Turkey looks to capitalize on its 'Beijing 2008 moment'

Istanbul is the 2010 European Capital of Culture, which will help Turkey beef up its candidacy for the European Union while highlighting its emergence as a regional power.

Iason Athanasiadis
Guests watch fireworks at the Capital of Culture gala.

A local, slice-of-life story from a Monitor correspondent.

It was a night of music, fireworks, and ethnic controversy. The weekend of Jan. 9 and 10 brought a glitzy opening ceremony to mark Istanbul as the 2010 European Capital of Culture.

Turkey has seized on a little-known institution to showcase its cultural gems, such as the Borusan Istanbul Philharmonic Orchestra, and beef up its candidacy for the European Union while highlighting its emergence as a regional power. At a time when local newspapers talk of a “neo-Ottomanist” foreign diplomacy, some are calling the coming year of cultural events Turkey’s “Beijing moment.”

In a modern conference hall built next to the Halic Strait separating the two shores of Ottoman Istanbul, Turkish singers, dancers, poets, dervishes, a choir, and a full orchestra serenaded 5,000 politicians, VIPs, and journalists in a spectacle intended to underline the city’s multicultural heritage. At the show’s conclusion, guests streamed out into the rain to the strains of Beethoven’s “Ode to Joy” to take in a dazzling 15-minute fireworks display launched from the seven hills on which the city is built.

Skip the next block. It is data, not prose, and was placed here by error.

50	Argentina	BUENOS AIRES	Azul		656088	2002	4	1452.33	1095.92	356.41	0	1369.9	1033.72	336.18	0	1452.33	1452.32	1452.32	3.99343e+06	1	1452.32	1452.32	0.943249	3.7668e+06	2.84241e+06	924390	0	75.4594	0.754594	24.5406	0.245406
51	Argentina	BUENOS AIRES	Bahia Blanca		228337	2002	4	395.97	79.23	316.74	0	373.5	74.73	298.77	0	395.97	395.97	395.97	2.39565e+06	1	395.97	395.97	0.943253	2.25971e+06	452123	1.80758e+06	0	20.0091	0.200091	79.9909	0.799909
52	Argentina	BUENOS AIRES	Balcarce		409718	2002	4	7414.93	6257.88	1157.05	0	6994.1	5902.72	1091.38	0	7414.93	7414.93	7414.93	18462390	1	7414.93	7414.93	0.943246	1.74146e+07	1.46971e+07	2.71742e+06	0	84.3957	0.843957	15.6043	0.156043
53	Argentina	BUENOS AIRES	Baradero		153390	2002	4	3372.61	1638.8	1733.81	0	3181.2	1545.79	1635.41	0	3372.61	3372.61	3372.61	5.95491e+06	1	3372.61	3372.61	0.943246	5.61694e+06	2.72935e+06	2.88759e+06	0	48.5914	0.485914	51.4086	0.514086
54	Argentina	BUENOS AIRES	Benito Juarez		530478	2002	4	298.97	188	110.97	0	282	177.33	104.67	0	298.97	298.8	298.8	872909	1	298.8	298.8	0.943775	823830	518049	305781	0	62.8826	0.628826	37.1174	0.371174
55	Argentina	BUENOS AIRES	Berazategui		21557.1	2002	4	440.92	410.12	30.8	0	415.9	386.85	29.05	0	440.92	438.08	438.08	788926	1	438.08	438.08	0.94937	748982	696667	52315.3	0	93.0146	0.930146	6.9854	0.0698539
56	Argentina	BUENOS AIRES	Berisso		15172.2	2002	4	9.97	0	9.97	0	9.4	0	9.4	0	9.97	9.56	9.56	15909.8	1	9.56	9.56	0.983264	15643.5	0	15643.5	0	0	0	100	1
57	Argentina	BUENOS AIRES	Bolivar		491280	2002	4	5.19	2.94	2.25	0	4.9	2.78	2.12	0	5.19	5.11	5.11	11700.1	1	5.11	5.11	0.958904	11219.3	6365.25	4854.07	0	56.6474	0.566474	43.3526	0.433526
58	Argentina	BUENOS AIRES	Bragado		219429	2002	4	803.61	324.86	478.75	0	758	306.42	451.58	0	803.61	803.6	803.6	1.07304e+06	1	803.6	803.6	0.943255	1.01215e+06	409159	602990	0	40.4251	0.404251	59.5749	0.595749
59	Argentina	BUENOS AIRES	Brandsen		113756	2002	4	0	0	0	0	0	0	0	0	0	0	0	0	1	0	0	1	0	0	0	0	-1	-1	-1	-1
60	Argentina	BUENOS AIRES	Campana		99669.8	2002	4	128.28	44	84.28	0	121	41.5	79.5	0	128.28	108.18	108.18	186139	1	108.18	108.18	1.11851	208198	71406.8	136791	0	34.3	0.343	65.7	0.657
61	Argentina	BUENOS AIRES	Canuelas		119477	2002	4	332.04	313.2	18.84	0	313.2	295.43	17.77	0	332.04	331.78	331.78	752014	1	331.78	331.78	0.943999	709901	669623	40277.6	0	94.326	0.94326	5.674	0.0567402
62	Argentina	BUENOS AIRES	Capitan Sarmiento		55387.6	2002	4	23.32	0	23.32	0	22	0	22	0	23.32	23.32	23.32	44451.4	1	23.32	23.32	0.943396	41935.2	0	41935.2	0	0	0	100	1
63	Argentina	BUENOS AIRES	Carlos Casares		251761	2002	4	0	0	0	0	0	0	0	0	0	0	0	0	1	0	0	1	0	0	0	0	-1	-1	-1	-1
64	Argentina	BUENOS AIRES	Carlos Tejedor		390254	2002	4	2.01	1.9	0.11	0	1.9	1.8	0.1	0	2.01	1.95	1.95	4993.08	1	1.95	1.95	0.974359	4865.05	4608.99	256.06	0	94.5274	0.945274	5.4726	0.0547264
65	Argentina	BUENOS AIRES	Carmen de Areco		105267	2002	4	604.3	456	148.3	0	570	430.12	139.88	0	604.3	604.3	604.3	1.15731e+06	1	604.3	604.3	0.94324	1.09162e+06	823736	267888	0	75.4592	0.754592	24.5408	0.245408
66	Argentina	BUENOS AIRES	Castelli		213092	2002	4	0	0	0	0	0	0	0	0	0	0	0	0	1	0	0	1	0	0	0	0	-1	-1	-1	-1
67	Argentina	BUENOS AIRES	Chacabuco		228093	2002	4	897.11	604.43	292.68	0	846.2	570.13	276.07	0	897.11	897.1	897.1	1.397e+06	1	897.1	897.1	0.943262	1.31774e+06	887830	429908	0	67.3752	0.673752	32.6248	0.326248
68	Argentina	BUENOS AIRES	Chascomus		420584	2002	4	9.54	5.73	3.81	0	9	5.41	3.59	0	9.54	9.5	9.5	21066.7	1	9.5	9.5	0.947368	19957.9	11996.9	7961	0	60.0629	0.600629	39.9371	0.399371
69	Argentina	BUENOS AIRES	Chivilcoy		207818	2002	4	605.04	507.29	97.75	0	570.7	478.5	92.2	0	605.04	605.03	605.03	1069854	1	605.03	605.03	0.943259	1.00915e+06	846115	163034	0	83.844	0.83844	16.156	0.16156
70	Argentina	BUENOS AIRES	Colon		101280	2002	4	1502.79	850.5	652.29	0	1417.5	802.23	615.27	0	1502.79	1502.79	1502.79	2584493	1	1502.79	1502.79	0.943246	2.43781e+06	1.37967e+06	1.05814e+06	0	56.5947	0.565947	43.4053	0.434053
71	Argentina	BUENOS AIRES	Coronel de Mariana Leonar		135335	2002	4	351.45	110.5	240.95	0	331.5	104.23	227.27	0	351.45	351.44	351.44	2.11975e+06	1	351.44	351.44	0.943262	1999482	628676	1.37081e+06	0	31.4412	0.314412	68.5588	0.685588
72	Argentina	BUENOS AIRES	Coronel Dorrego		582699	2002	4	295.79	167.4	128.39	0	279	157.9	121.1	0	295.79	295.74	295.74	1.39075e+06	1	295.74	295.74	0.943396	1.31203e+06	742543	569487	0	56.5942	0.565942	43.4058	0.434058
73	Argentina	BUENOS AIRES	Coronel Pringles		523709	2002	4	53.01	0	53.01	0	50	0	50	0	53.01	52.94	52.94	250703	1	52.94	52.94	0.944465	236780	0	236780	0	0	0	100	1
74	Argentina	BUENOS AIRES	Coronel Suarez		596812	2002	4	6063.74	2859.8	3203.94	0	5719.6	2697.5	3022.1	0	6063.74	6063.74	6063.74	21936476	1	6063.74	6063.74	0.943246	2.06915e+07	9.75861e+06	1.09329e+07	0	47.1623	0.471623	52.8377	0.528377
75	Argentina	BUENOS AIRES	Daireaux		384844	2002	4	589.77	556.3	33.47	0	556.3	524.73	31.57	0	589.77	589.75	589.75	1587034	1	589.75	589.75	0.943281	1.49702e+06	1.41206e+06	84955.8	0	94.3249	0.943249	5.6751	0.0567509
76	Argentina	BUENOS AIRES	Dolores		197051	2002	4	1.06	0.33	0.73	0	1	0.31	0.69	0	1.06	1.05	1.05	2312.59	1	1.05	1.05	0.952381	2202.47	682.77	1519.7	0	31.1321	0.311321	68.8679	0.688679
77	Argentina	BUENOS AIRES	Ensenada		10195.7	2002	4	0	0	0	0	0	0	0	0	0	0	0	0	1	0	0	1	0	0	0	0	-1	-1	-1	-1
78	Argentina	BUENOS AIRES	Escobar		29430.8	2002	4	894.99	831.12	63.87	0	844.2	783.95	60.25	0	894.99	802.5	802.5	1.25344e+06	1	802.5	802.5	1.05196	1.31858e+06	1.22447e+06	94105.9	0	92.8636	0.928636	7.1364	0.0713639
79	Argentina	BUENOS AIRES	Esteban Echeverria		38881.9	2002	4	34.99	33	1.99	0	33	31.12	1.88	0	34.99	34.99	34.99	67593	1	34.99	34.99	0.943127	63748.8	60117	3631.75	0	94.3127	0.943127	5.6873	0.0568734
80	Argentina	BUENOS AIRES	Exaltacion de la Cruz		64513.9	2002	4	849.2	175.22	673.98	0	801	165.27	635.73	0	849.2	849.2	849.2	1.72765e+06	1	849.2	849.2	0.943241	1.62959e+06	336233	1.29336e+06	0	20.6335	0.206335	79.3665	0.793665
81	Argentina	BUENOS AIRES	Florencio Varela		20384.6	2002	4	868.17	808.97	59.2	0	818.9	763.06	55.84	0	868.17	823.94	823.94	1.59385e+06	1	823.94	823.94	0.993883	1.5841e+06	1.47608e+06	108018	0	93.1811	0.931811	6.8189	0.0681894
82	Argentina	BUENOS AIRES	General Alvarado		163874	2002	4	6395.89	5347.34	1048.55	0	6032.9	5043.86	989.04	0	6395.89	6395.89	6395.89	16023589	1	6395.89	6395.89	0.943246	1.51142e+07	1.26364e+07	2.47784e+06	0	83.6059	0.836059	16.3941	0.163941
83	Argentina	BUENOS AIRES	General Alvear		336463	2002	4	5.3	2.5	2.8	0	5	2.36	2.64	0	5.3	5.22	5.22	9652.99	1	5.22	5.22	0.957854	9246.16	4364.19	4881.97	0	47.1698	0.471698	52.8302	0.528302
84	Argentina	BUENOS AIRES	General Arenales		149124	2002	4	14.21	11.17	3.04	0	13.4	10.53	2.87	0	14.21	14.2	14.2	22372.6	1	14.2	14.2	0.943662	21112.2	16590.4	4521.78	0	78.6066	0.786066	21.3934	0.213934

But Turkey’s uneasy coexistence with its minorities has drawn criticism of Istanbul’s city government from several sources: Gypsy populations are upset at being forced to leave a prime piece of real estate abutting the walls of Byzantium that they have inhabited for a millennium to make room for a residential development. Disenfranchised Kurds feel the city’s municipalities are not addressing their needs.

The opening ceremony represented Istanbul’s Gypsy population through a dance number titled “East Side Story,” featuring rival Gypsy gangs staging a choreographed brawl.

“We have double standards,” said Ali Murat Yel, a professor of sociology at Istanbul’s Fatih University. “On the one hand we say we’re tolerant of minorities and [are] multicultural, but as the Manisa events [in which a squabble over smoking spiraled into 1,000 locals attacking a Roma community] show, this is not the case. We have to know how to tolerate others who are different.”

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